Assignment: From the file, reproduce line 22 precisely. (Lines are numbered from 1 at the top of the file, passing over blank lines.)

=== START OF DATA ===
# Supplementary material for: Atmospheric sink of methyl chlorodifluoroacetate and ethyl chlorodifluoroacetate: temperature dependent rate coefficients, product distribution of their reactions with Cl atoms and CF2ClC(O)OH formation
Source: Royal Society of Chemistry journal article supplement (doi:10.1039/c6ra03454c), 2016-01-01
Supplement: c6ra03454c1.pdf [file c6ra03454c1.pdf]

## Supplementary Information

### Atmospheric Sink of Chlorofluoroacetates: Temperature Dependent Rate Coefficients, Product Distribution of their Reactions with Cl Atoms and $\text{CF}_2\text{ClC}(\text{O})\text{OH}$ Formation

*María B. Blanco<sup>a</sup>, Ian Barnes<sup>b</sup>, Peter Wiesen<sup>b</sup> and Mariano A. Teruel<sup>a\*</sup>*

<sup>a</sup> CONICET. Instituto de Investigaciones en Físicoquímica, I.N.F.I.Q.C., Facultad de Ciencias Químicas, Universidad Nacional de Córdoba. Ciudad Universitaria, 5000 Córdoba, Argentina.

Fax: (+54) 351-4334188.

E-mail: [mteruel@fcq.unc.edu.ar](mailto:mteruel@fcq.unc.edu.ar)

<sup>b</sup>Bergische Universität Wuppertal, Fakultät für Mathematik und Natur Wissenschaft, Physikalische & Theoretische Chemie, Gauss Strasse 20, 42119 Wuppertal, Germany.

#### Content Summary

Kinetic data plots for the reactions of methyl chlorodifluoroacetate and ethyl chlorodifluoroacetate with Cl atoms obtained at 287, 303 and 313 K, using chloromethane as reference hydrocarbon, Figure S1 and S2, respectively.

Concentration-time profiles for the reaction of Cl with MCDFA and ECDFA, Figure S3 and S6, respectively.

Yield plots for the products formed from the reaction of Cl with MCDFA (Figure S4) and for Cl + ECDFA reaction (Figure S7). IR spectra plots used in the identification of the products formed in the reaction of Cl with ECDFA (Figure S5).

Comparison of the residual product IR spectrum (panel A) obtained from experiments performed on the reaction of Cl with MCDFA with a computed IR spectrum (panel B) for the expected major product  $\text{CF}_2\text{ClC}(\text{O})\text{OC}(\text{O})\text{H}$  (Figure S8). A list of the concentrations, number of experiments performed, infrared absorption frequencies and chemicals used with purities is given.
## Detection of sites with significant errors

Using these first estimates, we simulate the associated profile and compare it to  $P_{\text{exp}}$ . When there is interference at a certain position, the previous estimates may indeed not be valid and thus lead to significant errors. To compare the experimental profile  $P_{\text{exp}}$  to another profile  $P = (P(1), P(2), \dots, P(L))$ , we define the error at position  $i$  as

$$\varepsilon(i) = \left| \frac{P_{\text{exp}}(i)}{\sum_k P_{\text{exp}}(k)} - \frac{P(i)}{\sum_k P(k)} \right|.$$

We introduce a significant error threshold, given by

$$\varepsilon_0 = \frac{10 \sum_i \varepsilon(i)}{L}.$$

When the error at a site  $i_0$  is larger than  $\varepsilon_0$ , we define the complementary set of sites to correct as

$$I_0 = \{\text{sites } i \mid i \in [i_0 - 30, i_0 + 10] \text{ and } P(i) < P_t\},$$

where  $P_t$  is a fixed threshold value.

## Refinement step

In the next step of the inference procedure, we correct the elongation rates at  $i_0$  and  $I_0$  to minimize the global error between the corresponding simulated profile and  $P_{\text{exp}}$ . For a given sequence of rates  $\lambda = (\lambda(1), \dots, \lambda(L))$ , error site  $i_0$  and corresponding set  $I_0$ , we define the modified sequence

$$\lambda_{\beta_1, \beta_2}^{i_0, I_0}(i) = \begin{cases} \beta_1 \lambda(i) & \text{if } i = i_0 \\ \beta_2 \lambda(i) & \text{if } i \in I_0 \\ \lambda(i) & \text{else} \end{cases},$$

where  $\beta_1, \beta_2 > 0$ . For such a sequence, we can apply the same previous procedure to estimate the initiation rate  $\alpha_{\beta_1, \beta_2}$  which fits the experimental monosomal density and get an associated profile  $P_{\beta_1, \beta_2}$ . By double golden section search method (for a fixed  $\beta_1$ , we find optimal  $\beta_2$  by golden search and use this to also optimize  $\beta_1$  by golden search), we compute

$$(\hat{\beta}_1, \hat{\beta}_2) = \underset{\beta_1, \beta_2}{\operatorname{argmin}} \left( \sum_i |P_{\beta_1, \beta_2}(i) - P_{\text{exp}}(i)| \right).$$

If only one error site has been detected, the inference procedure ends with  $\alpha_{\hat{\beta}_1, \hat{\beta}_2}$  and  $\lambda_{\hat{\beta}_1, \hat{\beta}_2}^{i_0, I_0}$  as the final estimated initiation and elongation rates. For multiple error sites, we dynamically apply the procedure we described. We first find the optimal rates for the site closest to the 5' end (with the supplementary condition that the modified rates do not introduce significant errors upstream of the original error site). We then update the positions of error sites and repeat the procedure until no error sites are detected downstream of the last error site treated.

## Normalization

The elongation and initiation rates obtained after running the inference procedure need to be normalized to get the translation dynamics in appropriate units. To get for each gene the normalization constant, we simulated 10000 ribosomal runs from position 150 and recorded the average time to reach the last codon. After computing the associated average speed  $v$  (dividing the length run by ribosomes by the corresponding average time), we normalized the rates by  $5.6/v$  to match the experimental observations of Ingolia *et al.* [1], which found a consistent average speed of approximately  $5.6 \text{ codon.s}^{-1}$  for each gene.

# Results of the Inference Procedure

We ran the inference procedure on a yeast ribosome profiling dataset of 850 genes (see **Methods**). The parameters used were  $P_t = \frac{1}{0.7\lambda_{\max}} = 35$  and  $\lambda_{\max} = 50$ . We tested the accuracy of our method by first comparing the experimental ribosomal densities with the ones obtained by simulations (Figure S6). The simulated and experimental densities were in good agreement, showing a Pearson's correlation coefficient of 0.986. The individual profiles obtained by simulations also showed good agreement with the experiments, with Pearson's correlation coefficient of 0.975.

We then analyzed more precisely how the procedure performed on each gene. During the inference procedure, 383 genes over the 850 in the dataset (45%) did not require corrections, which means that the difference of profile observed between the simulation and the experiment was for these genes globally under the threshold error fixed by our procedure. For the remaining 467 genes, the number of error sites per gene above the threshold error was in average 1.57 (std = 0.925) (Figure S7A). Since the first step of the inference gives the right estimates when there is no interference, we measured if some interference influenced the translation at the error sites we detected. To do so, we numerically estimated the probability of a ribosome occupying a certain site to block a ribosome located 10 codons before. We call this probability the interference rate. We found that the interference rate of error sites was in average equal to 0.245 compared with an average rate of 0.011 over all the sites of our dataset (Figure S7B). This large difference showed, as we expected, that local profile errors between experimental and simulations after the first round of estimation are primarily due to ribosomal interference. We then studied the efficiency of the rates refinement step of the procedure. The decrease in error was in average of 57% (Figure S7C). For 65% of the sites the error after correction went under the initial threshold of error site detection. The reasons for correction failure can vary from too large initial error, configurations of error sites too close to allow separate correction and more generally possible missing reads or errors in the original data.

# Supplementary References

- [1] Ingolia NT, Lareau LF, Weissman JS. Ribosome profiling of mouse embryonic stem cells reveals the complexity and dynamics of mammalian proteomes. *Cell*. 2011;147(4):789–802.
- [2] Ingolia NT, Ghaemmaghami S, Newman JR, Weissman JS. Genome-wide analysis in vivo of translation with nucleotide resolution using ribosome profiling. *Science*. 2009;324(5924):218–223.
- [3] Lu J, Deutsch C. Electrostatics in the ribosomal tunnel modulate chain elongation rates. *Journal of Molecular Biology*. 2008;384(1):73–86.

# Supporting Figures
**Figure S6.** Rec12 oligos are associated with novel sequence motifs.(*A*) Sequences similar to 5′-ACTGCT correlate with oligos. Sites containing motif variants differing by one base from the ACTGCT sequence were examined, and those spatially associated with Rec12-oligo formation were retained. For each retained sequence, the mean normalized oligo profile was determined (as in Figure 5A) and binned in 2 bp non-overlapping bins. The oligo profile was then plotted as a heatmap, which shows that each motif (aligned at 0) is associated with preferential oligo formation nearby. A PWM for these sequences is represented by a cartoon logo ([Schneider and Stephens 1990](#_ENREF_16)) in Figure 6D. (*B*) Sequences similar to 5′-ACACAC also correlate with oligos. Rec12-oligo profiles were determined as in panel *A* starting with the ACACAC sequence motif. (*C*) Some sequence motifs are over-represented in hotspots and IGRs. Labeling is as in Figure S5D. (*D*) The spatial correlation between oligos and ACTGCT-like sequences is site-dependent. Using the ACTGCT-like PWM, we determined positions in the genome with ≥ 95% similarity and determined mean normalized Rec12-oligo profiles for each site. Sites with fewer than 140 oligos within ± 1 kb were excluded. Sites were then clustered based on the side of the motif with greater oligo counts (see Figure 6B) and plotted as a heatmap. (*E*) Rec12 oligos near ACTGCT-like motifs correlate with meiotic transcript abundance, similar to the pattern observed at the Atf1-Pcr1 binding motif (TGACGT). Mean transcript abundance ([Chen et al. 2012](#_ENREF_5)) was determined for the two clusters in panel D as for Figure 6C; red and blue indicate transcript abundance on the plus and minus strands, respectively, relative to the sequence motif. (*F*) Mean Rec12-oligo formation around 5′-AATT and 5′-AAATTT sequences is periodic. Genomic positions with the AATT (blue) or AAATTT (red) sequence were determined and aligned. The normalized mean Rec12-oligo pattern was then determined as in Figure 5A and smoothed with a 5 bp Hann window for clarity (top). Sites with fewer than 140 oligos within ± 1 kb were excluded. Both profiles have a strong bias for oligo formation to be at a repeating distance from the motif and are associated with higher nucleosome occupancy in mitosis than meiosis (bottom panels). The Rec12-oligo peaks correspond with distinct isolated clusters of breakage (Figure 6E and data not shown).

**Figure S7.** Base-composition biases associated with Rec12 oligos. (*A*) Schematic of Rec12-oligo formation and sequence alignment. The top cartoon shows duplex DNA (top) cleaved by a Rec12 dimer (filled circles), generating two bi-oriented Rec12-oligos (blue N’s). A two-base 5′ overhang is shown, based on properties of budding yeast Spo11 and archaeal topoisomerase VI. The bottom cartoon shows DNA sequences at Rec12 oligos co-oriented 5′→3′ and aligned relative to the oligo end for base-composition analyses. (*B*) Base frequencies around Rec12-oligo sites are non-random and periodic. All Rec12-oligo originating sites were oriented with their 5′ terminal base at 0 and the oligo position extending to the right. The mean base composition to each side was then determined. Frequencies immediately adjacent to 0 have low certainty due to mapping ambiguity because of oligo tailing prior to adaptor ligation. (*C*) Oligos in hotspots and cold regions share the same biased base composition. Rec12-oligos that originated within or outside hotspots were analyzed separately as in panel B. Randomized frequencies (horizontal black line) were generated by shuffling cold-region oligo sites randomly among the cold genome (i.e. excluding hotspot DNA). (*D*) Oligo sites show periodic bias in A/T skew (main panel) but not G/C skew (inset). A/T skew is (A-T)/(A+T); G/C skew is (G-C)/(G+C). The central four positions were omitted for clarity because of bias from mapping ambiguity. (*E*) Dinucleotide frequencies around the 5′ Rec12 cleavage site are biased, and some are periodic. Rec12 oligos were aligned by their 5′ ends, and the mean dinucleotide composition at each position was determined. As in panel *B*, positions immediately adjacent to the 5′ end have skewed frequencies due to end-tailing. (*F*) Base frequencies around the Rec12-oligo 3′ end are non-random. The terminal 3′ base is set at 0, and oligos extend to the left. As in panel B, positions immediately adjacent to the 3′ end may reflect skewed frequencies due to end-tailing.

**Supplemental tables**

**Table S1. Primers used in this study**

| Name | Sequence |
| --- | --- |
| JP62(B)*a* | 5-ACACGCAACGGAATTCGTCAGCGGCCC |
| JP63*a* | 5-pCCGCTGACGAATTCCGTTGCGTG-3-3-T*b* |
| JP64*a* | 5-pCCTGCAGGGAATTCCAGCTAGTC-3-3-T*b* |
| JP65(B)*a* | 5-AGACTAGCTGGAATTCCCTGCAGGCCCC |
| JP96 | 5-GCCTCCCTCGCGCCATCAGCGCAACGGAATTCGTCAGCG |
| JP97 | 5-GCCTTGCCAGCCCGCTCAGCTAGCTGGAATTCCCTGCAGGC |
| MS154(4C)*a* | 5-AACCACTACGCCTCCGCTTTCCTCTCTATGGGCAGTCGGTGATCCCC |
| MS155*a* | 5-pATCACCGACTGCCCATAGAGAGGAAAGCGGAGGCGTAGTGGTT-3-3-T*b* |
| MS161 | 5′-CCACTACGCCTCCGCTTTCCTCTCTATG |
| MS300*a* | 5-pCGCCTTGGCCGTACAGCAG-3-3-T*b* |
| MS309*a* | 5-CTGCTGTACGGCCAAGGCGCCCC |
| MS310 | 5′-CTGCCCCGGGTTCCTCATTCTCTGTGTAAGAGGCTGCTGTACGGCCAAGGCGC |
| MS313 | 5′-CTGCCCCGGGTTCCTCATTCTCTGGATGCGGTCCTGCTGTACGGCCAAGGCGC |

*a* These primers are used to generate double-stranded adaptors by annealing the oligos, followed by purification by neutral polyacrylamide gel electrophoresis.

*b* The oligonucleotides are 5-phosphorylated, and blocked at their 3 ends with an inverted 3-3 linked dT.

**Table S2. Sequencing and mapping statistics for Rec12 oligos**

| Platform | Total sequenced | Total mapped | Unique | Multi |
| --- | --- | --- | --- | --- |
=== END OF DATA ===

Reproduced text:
$$I_0 = \{\text{sites } i \mid i \in [i_0 - 30, i_0 + 10] \text{ and } P(i) < P_t\},$$